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The increase in the number of smaller stripers was encouraging, but a continuing decline in big bass remains a concern.
By Brad Burns  |  January 17, 2017
Big stripers were much harder to find in 2016 according to the majority of those surveyed.

Striped bass anglers from North Carolina to Maine, responding to the 14th annual fishing survey from the national striped bass conservation organization Stripers Forever had mixed reactions to the fishing they experienced during 2016. Overall there was some modest improvement in sentiment with only 66% reporting the fishing as worse, or much worse than during the past 5 years. That is improved from 81% in 2015. “The improvement seems to have come”, says Brad Burns, President of Stripers Forever, “from more small bass being available along the coast in the early part of the season.” In both 2015 and 2016 most anglers reported that the fish were smaller than they were used to catching, but the number of anglers who reported improved hourly catch rates increased in 2016. With the improvement in catches we also saw a modest increase in survey participation with 643 up from 614 the previous year.

“The improvement seemed limited to the number of smaller fish anglers found available in the early season” said Burns. We heard comments from some very experienced anglers and guides who said that large bass were much harder to find. One highly experienced recreational angler from Martha’s Vineyard, fishing from the beach, landed keeper size – 28” or larger – stripers on 23% of his outings in 2016. That is by far the lowest ever for him, and is down from a 54% average from 2002 through 2014. With the older year classes declining in numbers there is no likely reversal for that negative trend.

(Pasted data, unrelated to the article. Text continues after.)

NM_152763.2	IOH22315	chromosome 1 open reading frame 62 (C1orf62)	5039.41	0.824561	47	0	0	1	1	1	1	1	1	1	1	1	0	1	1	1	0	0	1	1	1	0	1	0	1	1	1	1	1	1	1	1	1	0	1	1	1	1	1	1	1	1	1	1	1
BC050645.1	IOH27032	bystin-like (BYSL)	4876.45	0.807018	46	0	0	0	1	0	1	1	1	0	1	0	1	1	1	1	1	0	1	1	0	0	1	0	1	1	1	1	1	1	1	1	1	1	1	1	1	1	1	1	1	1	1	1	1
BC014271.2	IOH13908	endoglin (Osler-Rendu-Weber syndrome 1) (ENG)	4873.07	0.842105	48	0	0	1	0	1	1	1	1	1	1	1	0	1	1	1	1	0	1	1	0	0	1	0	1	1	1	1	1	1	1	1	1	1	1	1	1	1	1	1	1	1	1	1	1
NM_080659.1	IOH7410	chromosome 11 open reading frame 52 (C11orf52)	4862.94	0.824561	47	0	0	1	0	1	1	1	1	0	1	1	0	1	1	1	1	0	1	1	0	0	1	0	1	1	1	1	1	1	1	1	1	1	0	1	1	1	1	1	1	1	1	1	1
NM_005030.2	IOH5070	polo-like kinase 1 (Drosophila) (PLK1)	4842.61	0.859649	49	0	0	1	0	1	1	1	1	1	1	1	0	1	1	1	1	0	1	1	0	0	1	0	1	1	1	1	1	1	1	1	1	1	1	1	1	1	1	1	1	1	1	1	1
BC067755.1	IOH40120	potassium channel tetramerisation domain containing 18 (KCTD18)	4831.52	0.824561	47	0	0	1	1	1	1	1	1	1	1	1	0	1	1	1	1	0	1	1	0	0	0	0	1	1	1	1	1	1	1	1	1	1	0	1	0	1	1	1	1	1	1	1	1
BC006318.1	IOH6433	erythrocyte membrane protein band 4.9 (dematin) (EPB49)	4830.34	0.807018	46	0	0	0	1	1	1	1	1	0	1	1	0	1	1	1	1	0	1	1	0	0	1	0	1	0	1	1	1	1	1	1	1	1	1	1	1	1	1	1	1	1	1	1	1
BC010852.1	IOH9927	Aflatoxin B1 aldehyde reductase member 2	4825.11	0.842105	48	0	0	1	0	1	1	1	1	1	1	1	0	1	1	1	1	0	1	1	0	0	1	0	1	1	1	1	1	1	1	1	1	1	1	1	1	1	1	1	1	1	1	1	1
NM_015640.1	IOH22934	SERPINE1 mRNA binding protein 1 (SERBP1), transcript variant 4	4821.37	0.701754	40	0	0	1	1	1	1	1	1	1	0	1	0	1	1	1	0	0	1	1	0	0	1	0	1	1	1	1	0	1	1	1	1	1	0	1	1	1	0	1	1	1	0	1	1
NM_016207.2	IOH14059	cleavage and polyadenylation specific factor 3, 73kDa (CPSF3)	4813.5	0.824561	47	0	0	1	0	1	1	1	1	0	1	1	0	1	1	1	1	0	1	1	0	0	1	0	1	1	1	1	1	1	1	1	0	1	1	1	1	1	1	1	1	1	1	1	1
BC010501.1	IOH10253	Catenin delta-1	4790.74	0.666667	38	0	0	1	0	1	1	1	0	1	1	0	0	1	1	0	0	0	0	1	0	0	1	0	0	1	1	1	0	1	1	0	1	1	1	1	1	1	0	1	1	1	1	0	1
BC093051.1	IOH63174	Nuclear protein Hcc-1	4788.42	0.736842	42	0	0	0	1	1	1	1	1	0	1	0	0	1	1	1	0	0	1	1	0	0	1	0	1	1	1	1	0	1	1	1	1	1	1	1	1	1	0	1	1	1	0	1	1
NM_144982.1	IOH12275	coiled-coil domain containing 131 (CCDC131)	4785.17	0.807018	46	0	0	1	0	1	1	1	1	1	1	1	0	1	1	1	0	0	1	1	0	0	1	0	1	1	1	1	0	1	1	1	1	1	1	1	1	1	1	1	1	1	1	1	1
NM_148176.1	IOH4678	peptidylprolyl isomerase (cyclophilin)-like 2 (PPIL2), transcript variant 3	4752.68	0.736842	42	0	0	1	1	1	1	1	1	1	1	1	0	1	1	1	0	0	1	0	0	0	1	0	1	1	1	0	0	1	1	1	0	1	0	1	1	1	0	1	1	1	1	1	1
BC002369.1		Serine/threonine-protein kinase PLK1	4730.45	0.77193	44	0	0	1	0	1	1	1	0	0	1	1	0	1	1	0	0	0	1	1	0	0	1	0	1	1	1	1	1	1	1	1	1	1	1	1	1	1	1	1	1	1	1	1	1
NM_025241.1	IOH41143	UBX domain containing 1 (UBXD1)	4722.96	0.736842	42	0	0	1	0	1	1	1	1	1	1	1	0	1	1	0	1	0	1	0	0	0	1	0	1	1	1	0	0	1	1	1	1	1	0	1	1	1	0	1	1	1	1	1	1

The 2016 YOY survey produced one of the smallest striped bass year classes on record. The coastal commercial fishery is still focused on killing the large breeder size fish. At best the situation is very precarious. A clear majority of anglers responding to the 2016 Stripers Forever survey believe that the large stripers so vital to future spawning should not be harvested, and that a high percentage of the current commercial catch should be set aside for conservation. Further, 77% of all Stripers Forever members are willing to buy a striper stamp to finance a buyout of the commercial striped bass fishery.

The complete results of the annual survey and all comments from both guides and anglers are available for viewing under News at www.stripersforever.org. For more information e-mail stripers@stripersforever.org.